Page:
Written by Yasmine Idrissi

In the midst of Brexit, populism gaining ground, and a rising tide of skepticism towards multilateralism, the liberal values of the European bloc are undoubtedly under threat. In an attempt to amend and renew their commitment to defend these values, France and Germany have signed a new treaty on January 22nd aimed at “breathing new life into their place at the center of the European Union” [1].

It is undisputed that this treaty holds great significance, not only symbolically, but also historically, as the date marks the 56th anniversary of the Élysée Treaty signed by Charles de Gaulle and Konrad Adenauer underpinning Franco-German reconciliation [2], and politically, as this bilateral treaty consolidates the two countries’ position as standing bastions of pro-EU ideals. This treaty is also meant to send a message: while the Brexit fiasco is consuming the UK, the two major founders of modern Europe are carrying on regardless.

But more importantly, it outlines common positions in regards to internal and external security, economic integration and foreign policy.

Particularly, the two countries commit themselves to [3]:

  • deepen economic integration by creating a Franco-German common economic zone
  • develop Europe’s military capabilities, culminating in a European Army and mutual defense in case of attack.
  • create new social funds and foster innovative models for cross-border cooperation between local stakeholders for local projects (infrastructure, shared public services etc…)
  • increased cultural exchange and increase learning of each other’s languages (especially for youth)
  • harmonize the way EU legislations is transposed into national law in each of their systems

These aspirational objectives aim to restate the close friendship between France and Germany, a friendship that remains an essential element of a united, sovereign and strong European Union.

On a less optimistic note, it is regrettable that because of division within the European block, only bilateral accords are advancing; sure this treaty aims at convergence, which is very much needed in this difficult time for the EU, but a Franco-German axis is nothing new, and it would be time for a proper “whole-of-Europe” approach.

As European Council President Donald Tusk had bluntly put it: “today Europe needs a clear signal from Paris and from Berlin, that strengthened cooperation in small formats is not an alternative to the cooperation of all of Europe” [4].

As many things nowadays, this treaty has been the target of fake news and conspiracist speculations. In fact, Eurosceptics have not missed the occasion to dredge up their favorite claims of Franco-German dominance of EU affairs; Czech MEP Jan Zahradil emailed a statement expressing exactly this feeling: “A Franco-German axis that goes around other Member States to stitch up EU business is exactly what we feared when the U.K. announced their intention to leave” [5]. Far-right populist MP Marine LePen pushed these erroneous claims a bit further, stating in a video Tweet (6) that this new treaty is of “globalist” inspiration, is promoting unfair competition and wild deregulation of trade policies. She labels it as “Europeist”, claiming a loss of sovereignty in regards to defense, and goes as far as claiming that France agreed to share their permanent seat within the UN Security Council with Germany. But the most far fetched speculation, on the verge of conspiracism, is that the treaty would allegedly “sell out” the region of Alsace-Lorraine to France’s neighbor on the other side of the Rhine.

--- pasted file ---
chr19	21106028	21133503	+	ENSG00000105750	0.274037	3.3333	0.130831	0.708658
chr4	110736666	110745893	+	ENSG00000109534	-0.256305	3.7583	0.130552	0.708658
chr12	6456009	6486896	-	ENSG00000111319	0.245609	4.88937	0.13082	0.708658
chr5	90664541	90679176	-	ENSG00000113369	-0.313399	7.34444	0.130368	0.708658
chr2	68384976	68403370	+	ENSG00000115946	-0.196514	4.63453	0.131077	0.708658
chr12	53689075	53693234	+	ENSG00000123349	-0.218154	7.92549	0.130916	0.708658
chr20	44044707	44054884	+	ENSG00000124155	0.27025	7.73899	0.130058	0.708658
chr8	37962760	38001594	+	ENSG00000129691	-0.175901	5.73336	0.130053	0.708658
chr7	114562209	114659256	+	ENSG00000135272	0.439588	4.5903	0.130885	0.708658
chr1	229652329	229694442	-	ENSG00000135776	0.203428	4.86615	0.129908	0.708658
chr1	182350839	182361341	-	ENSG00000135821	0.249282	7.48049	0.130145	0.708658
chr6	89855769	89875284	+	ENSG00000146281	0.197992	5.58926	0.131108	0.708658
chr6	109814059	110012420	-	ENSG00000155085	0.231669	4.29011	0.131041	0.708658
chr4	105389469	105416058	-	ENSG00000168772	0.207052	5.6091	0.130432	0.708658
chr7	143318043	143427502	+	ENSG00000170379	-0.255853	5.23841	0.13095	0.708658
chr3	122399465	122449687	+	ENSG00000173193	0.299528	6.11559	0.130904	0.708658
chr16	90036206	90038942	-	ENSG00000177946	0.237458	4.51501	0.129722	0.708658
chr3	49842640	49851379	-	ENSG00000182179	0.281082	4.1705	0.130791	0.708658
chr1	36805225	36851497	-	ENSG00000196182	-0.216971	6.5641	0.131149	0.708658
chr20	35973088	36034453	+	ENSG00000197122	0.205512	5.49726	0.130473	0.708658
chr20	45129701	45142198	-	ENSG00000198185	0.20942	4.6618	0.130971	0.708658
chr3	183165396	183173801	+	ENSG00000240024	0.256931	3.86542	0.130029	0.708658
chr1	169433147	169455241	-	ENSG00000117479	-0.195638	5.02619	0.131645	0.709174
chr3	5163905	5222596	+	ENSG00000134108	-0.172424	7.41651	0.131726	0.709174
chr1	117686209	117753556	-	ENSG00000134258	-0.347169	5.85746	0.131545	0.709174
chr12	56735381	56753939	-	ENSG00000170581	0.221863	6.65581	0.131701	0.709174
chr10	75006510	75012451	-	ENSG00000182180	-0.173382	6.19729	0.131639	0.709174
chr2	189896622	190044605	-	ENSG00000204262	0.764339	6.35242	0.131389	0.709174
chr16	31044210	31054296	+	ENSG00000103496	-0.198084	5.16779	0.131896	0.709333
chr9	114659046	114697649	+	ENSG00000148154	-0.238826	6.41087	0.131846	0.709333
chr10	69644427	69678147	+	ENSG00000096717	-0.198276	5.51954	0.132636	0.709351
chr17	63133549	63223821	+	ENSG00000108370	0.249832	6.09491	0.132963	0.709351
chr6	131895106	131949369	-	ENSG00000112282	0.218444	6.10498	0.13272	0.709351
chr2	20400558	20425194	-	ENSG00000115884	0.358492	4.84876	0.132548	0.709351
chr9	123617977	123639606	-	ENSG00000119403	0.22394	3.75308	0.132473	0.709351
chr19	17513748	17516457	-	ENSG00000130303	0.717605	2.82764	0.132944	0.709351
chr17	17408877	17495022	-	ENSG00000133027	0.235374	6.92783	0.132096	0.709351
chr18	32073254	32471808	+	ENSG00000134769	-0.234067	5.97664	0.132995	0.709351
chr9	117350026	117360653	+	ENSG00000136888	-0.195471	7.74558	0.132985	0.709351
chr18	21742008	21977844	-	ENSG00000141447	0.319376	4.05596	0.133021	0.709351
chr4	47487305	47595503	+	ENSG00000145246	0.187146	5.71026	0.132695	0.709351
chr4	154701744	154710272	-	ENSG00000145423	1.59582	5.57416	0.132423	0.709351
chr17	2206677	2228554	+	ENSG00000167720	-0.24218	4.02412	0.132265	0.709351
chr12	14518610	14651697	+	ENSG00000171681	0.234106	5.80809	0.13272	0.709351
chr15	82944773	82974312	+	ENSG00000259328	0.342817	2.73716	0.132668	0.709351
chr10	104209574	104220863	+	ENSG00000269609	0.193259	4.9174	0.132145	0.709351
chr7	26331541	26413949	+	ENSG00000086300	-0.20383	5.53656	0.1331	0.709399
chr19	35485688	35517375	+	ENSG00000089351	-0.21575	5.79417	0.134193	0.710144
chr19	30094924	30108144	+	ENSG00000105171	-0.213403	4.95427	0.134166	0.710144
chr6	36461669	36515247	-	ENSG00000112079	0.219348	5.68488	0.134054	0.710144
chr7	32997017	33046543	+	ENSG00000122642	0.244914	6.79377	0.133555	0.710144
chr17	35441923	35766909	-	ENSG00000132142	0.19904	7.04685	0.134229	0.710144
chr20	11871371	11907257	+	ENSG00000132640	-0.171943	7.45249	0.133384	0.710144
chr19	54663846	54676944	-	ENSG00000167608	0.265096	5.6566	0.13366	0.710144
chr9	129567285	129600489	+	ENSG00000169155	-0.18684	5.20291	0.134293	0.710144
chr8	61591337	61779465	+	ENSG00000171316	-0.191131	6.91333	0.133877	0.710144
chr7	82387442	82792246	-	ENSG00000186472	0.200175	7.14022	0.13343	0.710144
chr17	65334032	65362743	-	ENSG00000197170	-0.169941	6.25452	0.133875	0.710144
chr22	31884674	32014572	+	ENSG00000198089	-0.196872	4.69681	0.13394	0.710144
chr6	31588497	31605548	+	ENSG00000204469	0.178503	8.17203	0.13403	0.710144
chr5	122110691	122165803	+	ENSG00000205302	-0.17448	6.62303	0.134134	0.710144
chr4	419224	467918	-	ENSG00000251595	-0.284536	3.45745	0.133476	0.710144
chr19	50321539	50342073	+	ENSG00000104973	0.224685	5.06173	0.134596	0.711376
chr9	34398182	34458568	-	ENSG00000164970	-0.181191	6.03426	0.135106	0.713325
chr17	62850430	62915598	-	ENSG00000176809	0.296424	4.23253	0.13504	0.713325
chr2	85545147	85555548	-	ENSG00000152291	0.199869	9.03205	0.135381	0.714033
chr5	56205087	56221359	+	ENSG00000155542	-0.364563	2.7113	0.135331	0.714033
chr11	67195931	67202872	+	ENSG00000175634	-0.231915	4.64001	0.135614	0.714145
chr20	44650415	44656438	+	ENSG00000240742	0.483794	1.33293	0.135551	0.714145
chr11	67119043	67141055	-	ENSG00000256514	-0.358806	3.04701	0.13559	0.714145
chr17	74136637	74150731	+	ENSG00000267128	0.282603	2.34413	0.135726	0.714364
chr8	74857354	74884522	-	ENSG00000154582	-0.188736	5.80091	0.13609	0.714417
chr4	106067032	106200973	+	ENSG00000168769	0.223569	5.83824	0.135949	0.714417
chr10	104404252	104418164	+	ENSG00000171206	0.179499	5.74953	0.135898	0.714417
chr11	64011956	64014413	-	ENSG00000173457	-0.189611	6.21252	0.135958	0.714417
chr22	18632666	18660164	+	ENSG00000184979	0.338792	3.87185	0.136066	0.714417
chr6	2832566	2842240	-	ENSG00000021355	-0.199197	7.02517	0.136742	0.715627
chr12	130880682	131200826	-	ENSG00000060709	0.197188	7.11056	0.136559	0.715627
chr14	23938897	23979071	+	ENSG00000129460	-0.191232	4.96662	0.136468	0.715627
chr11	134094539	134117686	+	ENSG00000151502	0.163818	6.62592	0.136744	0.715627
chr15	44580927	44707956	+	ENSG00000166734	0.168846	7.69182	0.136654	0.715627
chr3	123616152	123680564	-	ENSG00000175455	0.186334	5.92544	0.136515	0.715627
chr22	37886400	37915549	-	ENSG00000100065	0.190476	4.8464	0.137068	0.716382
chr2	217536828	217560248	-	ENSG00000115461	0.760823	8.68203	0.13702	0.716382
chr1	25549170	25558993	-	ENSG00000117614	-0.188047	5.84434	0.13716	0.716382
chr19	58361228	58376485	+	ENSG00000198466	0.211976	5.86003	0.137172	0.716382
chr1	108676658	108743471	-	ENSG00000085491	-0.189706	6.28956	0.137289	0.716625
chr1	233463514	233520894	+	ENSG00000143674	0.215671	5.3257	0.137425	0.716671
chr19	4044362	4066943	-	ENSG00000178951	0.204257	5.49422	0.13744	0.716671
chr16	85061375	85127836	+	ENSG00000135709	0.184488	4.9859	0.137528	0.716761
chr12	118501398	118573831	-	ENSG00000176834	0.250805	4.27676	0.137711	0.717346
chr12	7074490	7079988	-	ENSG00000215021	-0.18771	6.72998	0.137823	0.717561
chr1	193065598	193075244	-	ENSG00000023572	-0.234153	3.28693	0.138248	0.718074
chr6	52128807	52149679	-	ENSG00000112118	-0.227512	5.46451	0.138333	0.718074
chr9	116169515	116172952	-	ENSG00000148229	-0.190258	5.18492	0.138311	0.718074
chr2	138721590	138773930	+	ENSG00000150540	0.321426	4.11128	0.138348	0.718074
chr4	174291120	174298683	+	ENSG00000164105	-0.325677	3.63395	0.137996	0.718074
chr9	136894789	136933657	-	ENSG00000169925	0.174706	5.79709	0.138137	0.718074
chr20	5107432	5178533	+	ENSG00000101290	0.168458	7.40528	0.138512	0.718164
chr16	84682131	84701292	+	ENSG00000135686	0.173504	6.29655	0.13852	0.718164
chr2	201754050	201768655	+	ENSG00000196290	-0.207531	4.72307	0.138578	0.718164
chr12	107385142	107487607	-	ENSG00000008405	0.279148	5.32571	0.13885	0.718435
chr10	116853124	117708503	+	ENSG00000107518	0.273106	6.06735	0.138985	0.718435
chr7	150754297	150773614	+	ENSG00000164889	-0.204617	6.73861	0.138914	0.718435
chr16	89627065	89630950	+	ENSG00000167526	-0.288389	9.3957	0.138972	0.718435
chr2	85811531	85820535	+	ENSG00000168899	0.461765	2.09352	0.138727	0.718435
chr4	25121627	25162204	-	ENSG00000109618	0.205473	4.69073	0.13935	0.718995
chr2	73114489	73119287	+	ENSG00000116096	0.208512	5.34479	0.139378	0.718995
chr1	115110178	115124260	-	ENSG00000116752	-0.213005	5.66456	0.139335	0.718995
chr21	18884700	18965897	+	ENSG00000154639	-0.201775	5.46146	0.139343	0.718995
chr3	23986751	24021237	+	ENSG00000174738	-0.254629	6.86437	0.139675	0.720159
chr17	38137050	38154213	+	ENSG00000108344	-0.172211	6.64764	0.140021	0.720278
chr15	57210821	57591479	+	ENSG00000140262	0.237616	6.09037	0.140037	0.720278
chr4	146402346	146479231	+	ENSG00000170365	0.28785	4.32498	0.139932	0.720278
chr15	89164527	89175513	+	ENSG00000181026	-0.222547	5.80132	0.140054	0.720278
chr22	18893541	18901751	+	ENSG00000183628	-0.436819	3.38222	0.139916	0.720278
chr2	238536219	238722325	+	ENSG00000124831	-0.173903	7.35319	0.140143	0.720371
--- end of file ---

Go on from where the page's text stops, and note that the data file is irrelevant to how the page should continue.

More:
It is sufficient to read the 13 page treaty to understand that, of course, none of these claims are fact-based, but are obvious strategies to undermine European cooperation and promote ignorance and hostility.

It is undeniable that this Treaty highlights the role of France and Germany as beacons of European unity and promoters of the liberal values of the Union, a stance that clearly opposes the “my country first” tendency that is shaking the EU, but we hope that this would be a starting point towards enhanced cooperation among all the Members and an inspiration for a revival of European integration.

Yasmine is a Master’s student in European and International Governance at the United Nations Office in Geneva and the University of Geneva; she holds a Bachelor’s degree in International Relations and a minor in Gender Studies from Al Akhawayn University in Ifrane, Morocco. She is also an alumna of the European School of Varese, which shaped her sense of belonging to the EU and belief in the European project.

She has experience in the international organizations system in Geneva, with particular interest in issues of human rights and peace, but also to the implications of climate change and digitalization.

As ambassador in Geneva, she hopes to increase EU youth engagement with international policy makers and ultimately help promote EU ideals of respect for freedom, democracy, and equality.





[4] https://www.bbc.com/news/world-europe-46908205



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